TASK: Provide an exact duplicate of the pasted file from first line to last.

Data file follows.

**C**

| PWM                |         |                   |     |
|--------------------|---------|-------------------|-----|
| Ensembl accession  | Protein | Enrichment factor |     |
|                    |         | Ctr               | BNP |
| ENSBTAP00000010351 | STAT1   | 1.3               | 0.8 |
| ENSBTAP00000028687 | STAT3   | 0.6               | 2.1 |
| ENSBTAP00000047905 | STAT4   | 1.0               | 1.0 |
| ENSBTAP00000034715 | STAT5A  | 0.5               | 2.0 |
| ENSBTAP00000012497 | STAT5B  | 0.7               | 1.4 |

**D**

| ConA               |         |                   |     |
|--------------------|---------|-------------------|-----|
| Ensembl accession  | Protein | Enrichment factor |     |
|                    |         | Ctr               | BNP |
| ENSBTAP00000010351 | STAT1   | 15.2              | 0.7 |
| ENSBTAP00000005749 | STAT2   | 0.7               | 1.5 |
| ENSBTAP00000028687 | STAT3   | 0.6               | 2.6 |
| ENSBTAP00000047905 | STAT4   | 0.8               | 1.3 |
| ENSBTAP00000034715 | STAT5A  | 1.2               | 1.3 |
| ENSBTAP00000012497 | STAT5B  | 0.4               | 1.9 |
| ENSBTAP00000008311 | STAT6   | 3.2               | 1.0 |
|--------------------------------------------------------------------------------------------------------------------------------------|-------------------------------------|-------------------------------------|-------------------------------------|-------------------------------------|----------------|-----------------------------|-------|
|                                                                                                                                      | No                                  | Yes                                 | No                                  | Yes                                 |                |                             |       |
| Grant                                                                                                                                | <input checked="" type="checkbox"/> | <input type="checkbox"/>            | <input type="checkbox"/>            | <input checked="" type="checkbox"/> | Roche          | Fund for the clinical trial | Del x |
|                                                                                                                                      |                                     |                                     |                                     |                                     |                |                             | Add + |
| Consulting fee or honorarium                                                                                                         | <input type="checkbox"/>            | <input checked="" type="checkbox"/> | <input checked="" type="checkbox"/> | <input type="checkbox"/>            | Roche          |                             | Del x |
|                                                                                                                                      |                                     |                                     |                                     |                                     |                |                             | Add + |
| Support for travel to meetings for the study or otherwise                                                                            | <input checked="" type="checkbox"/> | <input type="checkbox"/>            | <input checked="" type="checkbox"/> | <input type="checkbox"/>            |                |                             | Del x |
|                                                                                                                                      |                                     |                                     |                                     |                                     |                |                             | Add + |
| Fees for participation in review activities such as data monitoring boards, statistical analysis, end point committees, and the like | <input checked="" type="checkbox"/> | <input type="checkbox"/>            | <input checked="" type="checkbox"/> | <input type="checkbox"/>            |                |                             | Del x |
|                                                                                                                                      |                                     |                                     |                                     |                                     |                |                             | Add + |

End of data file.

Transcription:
**C**

| PWM                |         |                   |     |
|--------------------|---------|-------------------|-----|
| Ensembl accession  | Protein | Enrichment factor |     |
|                    |         | Ctr               | BNP |
| ENSBTAP00000010351 | STAT1   | 1.3               | 0.8 |
| ENSBTAP00000028687 | STAT3   | 0.6               | 2.1 |
| ENSBTAP00000047905 | STAT4   | 1.0               | 1.0 |
| ENSBTAP00000034715 | STAT5A  | 0.5               | 2.0 |
| ENSBTAP00000012497 | STAT5B  | 0.7               | 1.4 |

**D**

| ConA               |         |                   |     |
|--------------------|---------|-------------------|-----|
| Ensembl accession  | Protein | Enrichment factor |     |
|                    |         | Ctr               | BNP |
| ENSBTAP00000010351 | STAT1   | 15.2              | 0.7 |
| ENSBTAP00000005749 | STAT2   | 0.7               | 1.5 |
| ENSBTAP00000028687 | STAT3   | 0.6               | 2.6 |
| ENSBTAP00000047905 | STAT4   | 0.8               | 1.3 |
| ENSBTAP00000034715 | STAT5A  | 1.2               | 1.3 |
| ENSBTAP00000012497 | STAT5B  | 0.4               | 1.9 |
| ENSBTAP00000008311 | STAT6   | 3.2               | 1.0 |
|--------------------------------------------------------------------------------------------------------------------------------------|-------------------------------------|-------------------------------------|-------------------------------------|-------------------------------------|----------------|-----------------------------|-------|
|                                                                                                                                      | No                                  | Yes                                 | No                                  | Yes                                 |                |                             |       |
| Grant                                                                                                                                | <input checked="" type="checkbox"/> | <input type="checkbox"/>            | <input type="checkbox"/>            | <input checked="" type="checkbox"/> | Roche          | Fund for the clinical trial | Del x |
|                                                                                                                                      |                                     |                                     |                                     |                                     |                |                             | Add + |
| Consulting fee or honorarium                                                                                                         | <input type="checkbox"/>            | <input checked="" type="checkbox"/> | <input checked="" type="checkbox"/> | <input type="checkbox"/>            | Roche          |                             | Del x |
|                                                                                                                                      |                                     |                                     |                                     |                                     |                |                             | Add + |
| Support for travel to meetings for the study or otherwise                                                                            | <input checked="" type="checkbox"/> | <input type="checkbox"/>            | <input checked="" type="checkbox"/> | <input type="checkbox"/>            |                |                             | Del x |
|                                                                                                                                      |                                     |                                     |                                     |                                     |                |                             | Add + |
| Fees for participation in review activities such as data monitoring boards, statistical analysis, end point committees, and the like | <input checked="" type="checkbox"/> | <input type="checkbox"/>            | <input checked="" type="checkbox"/> | <input type="checkbox"/>            |                |                             | Del x |
|                                                                                                                                      |                                     |                                     |                                     |                                     |                |                             | Add + |